(The Introit of Good Shepherd Sunday: “The earth is full of the mercy of the Lord, alleluia, and by the word of the Lord the heavens were established, alleluia, alleluia.” Psalm 32)

But on the second Sunday, the baptized, being already instructed, sound forth the mercy of Christ, and preach the Trinity; for in the word “mercy”, they announce the Spirit, in “the word” the Son, and in “God” (i.e. the Lord) the Father. First they mention the Spirit, through whom they are sanctified; then the Son, through whom they are redeemed, then the Father, to whom they are reconciled: and because they sing of the Trinity, they sing Alleluia three times.

(The Introit of the Third Sunday after Easter: “Shout with joy to God, all the earth, alleluia, sing a psalm to his name, alleluia; give glory to his praise, alleluia, alleluia, alleluia.” Psalm 65)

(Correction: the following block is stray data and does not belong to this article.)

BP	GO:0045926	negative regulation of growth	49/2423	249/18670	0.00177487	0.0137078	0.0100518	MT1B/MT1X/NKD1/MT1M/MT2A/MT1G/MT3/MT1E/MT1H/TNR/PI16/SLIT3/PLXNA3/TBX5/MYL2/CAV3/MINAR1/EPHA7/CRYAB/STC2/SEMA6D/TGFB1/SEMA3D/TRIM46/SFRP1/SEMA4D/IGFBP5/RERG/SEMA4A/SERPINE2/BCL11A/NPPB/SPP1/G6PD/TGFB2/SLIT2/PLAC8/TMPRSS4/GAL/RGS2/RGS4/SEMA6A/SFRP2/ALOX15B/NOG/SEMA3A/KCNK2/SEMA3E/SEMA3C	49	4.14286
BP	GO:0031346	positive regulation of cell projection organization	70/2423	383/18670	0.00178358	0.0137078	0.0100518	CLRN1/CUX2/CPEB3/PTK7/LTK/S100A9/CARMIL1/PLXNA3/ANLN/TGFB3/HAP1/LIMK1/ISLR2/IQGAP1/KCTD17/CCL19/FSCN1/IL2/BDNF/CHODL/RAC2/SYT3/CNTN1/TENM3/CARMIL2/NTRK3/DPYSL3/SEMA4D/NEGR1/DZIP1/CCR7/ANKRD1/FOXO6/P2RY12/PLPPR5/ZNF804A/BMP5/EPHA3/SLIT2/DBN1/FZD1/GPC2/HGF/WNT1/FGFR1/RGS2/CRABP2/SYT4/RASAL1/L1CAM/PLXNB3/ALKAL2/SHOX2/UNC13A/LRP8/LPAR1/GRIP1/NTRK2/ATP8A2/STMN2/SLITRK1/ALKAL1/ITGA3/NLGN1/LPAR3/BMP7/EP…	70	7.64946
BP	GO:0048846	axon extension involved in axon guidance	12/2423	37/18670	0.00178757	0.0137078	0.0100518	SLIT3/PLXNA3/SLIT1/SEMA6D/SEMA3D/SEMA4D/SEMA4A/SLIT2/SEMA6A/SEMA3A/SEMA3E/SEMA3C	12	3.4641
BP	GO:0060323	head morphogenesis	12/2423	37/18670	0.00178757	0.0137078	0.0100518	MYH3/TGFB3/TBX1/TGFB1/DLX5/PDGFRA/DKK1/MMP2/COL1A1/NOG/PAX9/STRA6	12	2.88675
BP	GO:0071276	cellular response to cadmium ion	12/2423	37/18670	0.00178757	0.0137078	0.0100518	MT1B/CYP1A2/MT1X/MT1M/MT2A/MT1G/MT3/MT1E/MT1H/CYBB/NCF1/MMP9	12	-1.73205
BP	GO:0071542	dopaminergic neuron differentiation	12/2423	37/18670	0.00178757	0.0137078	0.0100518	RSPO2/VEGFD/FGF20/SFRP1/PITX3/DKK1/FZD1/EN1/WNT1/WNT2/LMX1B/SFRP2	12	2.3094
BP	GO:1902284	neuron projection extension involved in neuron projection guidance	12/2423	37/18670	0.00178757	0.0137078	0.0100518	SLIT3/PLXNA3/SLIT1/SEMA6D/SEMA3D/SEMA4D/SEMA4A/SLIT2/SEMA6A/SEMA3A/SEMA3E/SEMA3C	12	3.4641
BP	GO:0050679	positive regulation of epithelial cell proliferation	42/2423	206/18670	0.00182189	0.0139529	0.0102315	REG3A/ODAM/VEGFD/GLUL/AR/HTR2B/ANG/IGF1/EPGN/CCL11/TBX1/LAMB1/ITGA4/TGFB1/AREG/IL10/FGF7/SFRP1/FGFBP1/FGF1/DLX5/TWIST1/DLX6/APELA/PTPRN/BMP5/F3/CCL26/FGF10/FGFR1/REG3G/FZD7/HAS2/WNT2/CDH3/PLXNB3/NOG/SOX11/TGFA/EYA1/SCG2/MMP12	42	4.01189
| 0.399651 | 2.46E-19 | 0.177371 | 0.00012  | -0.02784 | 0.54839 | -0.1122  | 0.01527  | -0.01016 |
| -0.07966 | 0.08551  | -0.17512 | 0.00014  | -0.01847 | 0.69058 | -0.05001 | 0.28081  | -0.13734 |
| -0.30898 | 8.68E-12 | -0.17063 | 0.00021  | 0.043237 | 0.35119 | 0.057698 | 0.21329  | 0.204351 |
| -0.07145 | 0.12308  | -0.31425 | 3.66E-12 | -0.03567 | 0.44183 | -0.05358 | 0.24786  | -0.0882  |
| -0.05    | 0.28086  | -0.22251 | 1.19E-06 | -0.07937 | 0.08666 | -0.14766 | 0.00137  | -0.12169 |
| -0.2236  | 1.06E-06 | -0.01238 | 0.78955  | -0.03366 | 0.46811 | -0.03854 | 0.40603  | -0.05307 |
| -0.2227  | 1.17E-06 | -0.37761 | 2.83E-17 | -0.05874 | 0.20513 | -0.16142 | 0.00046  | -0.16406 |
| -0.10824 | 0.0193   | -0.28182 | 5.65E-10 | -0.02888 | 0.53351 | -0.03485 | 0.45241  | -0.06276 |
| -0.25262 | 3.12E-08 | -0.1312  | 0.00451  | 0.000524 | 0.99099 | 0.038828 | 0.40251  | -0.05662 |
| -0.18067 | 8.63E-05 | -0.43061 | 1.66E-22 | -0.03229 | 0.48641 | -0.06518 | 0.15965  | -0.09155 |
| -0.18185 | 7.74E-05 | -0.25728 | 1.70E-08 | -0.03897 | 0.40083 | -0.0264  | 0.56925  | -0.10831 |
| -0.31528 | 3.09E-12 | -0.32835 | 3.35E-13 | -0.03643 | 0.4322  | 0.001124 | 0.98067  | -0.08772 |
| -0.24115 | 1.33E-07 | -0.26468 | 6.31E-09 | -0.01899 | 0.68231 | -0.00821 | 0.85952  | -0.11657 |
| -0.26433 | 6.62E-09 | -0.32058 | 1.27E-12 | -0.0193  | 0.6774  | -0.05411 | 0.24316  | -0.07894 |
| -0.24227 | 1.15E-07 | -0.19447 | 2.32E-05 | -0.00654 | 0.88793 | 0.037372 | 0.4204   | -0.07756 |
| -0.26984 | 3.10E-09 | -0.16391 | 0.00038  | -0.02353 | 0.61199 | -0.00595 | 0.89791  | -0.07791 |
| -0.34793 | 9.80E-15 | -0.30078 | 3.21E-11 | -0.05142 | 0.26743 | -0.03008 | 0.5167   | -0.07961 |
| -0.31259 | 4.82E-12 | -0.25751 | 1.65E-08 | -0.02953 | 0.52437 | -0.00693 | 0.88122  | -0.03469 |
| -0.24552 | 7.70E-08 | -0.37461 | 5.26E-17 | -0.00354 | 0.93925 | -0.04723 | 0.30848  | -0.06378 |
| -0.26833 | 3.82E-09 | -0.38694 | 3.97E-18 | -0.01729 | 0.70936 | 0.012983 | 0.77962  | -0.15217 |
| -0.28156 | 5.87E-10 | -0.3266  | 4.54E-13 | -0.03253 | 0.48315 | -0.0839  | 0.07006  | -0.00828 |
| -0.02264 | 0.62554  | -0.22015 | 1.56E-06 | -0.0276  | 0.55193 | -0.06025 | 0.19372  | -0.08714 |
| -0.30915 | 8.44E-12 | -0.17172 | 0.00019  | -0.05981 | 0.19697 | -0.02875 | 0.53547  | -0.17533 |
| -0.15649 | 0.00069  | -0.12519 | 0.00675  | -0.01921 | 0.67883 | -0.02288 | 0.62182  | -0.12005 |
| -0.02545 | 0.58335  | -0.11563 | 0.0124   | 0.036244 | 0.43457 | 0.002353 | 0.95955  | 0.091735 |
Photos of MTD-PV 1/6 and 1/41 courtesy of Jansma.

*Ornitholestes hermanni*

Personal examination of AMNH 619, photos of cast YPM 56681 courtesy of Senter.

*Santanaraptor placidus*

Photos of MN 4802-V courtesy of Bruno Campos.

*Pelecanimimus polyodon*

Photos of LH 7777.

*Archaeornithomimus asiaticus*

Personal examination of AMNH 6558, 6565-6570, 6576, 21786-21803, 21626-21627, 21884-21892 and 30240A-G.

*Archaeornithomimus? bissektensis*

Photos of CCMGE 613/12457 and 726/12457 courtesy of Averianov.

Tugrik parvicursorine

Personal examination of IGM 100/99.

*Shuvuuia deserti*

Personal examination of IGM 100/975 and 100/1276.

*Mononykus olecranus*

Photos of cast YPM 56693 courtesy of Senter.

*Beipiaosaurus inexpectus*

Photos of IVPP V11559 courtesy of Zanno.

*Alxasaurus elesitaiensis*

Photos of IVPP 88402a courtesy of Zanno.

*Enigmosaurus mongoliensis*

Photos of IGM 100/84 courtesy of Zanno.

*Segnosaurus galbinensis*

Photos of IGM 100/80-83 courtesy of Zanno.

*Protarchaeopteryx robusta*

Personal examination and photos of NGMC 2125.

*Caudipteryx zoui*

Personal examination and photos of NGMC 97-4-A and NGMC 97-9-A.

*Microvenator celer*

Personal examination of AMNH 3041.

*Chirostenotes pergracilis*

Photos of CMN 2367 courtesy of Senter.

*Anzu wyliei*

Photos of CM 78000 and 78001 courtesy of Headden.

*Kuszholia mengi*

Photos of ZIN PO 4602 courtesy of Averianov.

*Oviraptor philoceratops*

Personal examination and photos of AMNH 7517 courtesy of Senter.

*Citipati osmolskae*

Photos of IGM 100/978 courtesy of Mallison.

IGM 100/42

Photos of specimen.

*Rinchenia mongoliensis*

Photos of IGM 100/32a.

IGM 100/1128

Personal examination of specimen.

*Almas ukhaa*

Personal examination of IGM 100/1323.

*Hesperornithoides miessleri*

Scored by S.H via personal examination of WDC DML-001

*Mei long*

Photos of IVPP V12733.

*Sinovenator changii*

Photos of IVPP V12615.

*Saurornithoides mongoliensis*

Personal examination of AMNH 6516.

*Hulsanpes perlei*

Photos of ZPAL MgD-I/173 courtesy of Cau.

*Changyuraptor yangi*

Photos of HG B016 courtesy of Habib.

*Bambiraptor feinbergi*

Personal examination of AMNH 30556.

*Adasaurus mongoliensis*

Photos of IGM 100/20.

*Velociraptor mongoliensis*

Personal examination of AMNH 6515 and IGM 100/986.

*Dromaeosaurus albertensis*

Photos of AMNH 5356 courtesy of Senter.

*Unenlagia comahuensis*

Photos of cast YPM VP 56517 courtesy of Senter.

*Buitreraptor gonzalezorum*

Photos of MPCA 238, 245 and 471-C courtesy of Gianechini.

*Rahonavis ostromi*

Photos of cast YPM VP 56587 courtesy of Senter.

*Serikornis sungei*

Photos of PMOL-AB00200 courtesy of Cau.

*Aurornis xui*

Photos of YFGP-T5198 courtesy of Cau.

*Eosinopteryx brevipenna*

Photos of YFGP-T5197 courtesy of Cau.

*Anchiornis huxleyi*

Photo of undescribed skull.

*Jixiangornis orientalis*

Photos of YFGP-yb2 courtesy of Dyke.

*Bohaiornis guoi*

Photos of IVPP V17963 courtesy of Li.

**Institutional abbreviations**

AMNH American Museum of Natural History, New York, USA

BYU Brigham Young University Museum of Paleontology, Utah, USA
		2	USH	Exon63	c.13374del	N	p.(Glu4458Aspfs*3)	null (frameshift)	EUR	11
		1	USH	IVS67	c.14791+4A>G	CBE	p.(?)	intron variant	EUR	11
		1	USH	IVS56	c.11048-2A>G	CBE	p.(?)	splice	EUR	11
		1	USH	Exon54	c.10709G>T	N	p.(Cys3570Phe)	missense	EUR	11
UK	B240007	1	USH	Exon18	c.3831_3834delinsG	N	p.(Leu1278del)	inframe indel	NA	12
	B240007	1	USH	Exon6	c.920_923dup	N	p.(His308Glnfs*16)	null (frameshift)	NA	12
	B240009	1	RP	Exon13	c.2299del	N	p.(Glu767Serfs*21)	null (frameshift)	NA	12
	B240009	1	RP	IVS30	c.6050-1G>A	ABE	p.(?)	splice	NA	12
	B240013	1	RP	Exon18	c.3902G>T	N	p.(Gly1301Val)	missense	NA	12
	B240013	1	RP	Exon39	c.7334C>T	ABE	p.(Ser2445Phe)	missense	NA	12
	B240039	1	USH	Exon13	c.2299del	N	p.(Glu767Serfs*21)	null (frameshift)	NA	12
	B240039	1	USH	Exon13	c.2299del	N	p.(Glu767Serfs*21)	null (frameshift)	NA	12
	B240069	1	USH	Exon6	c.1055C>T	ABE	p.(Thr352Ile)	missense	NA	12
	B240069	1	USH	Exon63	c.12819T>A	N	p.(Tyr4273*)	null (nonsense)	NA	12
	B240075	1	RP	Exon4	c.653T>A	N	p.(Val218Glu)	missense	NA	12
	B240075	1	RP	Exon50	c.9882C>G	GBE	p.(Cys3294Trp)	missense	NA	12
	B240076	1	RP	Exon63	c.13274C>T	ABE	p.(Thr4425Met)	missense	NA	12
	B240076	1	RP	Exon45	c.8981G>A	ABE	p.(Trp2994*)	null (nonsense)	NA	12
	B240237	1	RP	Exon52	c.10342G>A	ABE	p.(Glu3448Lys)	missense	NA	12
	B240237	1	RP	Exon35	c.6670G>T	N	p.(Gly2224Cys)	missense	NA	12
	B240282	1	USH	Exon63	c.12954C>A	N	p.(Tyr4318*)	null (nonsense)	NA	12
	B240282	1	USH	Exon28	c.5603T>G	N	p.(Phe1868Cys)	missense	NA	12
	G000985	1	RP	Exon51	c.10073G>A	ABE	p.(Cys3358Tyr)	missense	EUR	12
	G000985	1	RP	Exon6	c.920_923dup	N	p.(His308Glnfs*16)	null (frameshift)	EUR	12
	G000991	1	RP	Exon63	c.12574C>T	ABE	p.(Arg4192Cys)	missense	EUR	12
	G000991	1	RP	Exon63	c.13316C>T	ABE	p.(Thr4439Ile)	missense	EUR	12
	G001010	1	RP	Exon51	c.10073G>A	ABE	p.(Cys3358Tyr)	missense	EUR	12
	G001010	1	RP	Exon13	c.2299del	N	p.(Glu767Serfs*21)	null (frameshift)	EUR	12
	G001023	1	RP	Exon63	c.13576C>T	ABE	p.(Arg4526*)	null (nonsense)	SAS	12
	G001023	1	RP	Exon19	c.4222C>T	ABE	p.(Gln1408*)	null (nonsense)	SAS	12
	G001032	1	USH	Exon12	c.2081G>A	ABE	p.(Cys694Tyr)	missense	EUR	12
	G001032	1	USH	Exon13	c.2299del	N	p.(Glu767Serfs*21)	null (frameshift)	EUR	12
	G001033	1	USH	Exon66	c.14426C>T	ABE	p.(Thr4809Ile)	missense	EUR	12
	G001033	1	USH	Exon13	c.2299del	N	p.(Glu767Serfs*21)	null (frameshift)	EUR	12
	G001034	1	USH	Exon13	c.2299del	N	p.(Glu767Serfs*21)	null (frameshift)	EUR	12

On the third Sunday, the baptized invite the whole world to the praise of God, and sound forth the Trinity, … and since through the two precepts of charity they are strengthened in the faith of the Trinity, therefore, first they sing alleluia twice, then three times.

(The Introit of the Fourth Sunday: “Sing to the Lord a new song, alleluia: because the Lord hath done wonderful things, alleluia. In the sight of the nations He hath revealed his justice, alleluia, alleluia, alleluia.” Psalm 97)

On the fourth Sunday, again the baptized invite the converted nations to the praise of God, and commemorate the Trinity, when in “the Lord” understand the Father, through “wonders” the Son, and in “justice” the Holy Spirit. And because the nations received the faith of the Trinity from the four parts of the world, therefore they sing of the Trinity with a fourth alleluia.

(The Introit of the Fifth Sunday: “Announce the voice of rejoicing, and let it be heard, alleluia: and proclaim even to the ends of the earth, the Lord hath redeemed his people, alleluia, alleluia.” Isaiah 48)

On the fifth Sunday, again the baptized announce their liberator to their nations, because they sing of the Trinity with a threefold Alleluia.